• Live music. Significantly this album is a live set – and it is the ‘greatest hits’ setlist Jack intended to take on the road. The imperfections remain on the album. With gigs off, this album reminds you what the magic of a live set feels like. This album is a real counterpoint to those heavily over-produced studio albums and by comparison the imperfections on this album show up auto-tune studio age as being, with hindsight, a bit phoney – a bit like looking back on 1980s replays of Top of the Tops where everyone is miming on stage. Not only is Jack J’s new album the soundtrack of the age in which it was created, it could also signal the start of a new chapter for recorded music in the non-gig era. A move towards authentic, live recorded sound – albums that capture the magic of music being played in the moment, rather than the invention of perfection. The recent Dust Coda sessions EP is another example of the allure of naked truth over polish.
  • Physical art: beyond the music, the physical packaging is also core to the experience of this album. A lot of thought has been put into the artwork and the bold purple vinyl. Again, after weeks of music going online and endless weeks of streaming, this album re-states the tangible art of physical music. The album as a purple vinyl is an event, it’s something to enjoy receiving in the post and to listen to on a good stereo – and to listen to properly from start to finish. With gigs, off and there being almost too much noise online, the time may be coming when artists need to revisit the art of monetising their music. This album re-presents the case for physical music being an enriching immersive experience. Turn the computer off, stop chasing the likes and shares, pour a drink and enjoy a quality music experience on a good stereo system.
  • Staying busy. Jack J Hutchinson is one of those artists that has kept himself very busy during lockdown. Whilst some have seemingly focused more on brand marketing and social media during lockdown, Jack has been busy focusing on the art – the music. He’s recorded acoustic sessions, streamed sets, explored covers and recorded a live album. Jack has created during uncertainty, and as a result he has grown as an artist – and as a person. The craft of musicians is ultimately to write good songs – and the quality of their music is what defines their legacy. The future of the live scene is far from certain, there are heaps of unknowns and challenges and the one certainty is what’s next won’t be the same as what went before. Jack has rolled his sleeves up and just got on with it; writing, performing, creating. Everything he has done has been about the art of creating new music. This bulldog spirit is captured on this album, along with the positivity you get from just cracking on with creative projects. For me, the mood that permeates the whole album of one celebrating a love of music making mixed with defiance against the notion of giving up. The true and timeless spirit of rock n roll.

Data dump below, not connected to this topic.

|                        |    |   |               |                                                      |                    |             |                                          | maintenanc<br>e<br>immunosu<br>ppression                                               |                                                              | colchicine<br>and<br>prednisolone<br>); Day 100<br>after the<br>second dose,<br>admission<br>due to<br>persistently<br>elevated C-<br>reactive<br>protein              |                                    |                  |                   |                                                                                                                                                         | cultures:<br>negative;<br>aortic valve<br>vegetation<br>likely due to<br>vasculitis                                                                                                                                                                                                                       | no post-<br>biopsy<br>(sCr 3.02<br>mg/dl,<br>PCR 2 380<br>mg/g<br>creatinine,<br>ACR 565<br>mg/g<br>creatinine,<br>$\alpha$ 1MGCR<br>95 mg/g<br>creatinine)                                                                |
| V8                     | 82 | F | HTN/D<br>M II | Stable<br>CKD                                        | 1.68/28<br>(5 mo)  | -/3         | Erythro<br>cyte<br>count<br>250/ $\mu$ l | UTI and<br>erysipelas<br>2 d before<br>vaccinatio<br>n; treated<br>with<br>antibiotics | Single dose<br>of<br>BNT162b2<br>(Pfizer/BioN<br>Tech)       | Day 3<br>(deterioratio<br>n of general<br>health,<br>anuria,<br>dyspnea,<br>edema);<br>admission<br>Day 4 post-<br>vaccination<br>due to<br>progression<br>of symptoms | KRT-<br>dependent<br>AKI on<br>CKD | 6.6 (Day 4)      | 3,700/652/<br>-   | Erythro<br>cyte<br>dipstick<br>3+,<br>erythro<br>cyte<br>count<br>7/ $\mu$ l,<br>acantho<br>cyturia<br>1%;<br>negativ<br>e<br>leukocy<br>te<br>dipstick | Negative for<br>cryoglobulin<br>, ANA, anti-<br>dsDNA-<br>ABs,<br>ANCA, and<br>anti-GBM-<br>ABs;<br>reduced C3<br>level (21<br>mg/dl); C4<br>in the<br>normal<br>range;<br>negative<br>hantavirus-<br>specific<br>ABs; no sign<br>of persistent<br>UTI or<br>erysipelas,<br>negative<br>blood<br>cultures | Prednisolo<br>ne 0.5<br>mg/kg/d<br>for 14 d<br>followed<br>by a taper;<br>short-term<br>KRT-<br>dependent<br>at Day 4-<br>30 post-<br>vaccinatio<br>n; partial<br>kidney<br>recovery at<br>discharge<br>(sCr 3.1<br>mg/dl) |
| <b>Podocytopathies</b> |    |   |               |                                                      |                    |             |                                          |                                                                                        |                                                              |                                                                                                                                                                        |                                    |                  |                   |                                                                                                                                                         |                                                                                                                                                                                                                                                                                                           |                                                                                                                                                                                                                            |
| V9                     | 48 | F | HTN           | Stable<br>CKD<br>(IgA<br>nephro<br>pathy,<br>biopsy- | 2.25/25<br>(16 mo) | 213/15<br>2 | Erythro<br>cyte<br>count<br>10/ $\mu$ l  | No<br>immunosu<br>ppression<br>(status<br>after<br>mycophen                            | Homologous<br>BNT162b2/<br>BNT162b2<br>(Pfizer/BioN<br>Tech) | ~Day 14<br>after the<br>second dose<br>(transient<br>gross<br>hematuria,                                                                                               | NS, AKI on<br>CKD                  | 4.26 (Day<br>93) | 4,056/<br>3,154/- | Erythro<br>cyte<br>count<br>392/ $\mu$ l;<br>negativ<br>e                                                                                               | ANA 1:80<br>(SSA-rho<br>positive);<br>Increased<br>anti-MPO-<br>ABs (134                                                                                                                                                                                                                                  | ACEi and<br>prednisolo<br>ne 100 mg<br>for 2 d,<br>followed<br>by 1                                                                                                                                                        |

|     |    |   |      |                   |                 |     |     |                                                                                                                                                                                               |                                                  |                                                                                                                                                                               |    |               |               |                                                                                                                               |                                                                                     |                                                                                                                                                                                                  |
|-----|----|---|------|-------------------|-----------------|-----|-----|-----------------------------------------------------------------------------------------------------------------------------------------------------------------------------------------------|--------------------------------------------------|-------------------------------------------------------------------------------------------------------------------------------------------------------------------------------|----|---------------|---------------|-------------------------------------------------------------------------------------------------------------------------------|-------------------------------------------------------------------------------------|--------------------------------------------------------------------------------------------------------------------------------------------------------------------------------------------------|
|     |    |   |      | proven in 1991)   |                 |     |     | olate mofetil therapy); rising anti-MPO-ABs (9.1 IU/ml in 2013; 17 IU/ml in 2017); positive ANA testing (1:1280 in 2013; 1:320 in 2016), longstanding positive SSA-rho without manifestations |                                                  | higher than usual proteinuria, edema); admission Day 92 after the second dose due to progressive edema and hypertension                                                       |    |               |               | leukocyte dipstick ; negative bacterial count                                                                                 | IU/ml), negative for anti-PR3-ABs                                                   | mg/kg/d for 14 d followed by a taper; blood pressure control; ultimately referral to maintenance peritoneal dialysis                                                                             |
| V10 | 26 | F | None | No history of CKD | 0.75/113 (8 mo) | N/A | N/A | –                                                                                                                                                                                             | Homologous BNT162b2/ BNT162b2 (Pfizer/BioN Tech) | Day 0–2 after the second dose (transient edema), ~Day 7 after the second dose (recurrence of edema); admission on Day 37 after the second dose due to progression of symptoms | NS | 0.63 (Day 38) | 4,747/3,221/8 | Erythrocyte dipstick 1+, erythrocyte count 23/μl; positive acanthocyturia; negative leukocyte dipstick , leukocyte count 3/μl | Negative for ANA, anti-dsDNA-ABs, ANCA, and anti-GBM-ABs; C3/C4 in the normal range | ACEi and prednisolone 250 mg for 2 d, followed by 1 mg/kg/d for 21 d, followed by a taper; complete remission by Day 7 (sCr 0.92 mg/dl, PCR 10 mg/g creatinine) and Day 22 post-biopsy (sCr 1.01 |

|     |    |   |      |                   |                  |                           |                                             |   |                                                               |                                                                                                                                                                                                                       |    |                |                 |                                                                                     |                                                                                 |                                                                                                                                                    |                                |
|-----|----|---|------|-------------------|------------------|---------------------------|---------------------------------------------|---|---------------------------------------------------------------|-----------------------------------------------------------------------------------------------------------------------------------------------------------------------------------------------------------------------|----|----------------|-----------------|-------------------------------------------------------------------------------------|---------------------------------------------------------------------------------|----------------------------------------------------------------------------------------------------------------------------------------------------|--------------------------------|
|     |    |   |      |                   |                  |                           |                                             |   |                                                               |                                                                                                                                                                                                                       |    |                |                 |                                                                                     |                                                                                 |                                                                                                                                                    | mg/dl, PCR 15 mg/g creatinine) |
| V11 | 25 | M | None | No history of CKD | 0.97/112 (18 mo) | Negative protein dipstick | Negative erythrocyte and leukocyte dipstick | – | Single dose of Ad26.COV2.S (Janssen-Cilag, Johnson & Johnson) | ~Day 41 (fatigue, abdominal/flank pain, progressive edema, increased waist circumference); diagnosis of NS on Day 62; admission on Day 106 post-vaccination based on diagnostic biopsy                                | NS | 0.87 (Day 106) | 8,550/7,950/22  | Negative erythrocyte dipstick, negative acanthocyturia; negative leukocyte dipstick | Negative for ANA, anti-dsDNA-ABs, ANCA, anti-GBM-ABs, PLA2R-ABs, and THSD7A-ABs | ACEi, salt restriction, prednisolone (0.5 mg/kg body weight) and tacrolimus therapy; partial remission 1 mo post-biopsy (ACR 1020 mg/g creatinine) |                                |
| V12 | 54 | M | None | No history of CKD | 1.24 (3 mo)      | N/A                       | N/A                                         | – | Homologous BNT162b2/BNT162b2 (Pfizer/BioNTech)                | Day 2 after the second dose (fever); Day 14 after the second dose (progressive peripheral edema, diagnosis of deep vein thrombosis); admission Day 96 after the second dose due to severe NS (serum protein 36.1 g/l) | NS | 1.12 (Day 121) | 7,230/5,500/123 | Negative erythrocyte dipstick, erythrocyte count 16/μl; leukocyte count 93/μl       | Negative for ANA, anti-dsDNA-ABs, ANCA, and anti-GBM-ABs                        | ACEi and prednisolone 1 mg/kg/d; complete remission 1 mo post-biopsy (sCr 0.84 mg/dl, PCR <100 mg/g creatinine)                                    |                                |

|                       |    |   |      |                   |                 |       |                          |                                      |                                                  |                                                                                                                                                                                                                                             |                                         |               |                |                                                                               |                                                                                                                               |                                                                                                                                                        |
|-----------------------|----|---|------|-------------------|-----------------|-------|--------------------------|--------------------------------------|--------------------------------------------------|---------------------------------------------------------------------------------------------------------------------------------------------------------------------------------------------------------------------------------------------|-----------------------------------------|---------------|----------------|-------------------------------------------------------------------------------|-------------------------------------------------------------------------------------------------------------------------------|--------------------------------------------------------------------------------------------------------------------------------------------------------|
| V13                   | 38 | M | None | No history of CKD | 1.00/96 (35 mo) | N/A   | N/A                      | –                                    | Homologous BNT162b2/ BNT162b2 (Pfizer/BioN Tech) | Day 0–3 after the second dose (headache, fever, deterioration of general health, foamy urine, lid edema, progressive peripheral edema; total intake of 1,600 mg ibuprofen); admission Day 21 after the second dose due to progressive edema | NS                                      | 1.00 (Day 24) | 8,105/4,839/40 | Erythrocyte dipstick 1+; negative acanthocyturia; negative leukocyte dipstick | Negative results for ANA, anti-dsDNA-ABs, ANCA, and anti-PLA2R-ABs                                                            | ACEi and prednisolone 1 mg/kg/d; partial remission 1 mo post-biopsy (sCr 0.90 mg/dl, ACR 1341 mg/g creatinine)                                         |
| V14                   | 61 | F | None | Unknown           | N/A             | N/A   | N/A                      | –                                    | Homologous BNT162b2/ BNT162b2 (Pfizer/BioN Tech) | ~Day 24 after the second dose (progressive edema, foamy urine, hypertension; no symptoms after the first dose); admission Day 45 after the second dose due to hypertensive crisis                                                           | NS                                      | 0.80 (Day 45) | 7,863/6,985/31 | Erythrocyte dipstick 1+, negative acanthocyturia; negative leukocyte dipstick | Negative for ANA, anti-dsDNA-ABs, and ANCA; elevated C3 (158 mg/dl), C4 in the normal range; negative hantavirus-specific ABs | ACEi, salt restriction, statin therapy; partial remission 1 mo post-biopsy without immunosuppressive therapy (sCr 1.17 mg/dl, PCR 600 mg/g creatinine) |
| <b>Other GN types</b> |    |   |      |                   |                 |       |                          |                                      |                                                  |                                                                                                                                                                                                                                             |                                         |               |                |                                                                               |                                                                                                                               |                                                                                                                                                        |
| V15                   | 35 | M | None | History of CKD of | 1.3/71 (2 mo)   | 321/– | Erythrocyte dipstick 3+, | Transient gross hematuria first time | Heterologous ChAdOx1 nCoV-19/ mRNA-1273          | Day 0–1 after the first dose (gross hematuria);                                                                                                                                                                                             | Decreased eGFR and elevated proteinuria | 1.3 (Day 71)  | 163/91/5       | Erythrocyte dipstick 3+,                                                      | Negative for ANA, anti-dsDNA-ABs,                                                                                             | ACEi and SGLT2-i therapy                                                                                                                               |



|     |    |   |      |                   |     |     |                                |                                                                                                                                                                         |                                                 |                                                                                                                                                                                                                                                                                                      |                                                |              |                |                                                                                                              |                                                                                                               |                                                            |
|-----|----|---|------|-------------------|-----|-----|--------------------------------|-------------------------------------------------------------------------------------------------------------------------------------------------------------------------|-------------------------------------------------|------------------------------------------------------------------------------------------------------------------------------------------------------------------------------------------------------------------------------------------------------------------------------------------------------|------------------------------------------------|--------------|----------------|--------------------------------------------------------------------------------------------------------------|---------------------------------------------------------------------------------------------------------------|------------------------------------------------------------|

So, these five factors considered, this is a special album that is, arguably, in a class of its own. The album itself is an achievement, its authentic live sound reminds us what it felt like to be at a live show and it’s an album for our times. More than just a collection of songs, this could well become one of those iconic albums that is synonymous with defining a period of our history.

Who Feeds The Lockdown is released on 17 July.

Pre-order the album on purple vinyl, CD or download format at https://jackjhutchinsonmusic.com/2020/05/20/new-live-album-who-feeds-the-lockdown/

The Jack J Hutchinson Band are:

  • Jack J Hutchinson (vocals and guitar)
  • Lazarus Michaelides (bass)
  • Felipe Amorim (drums)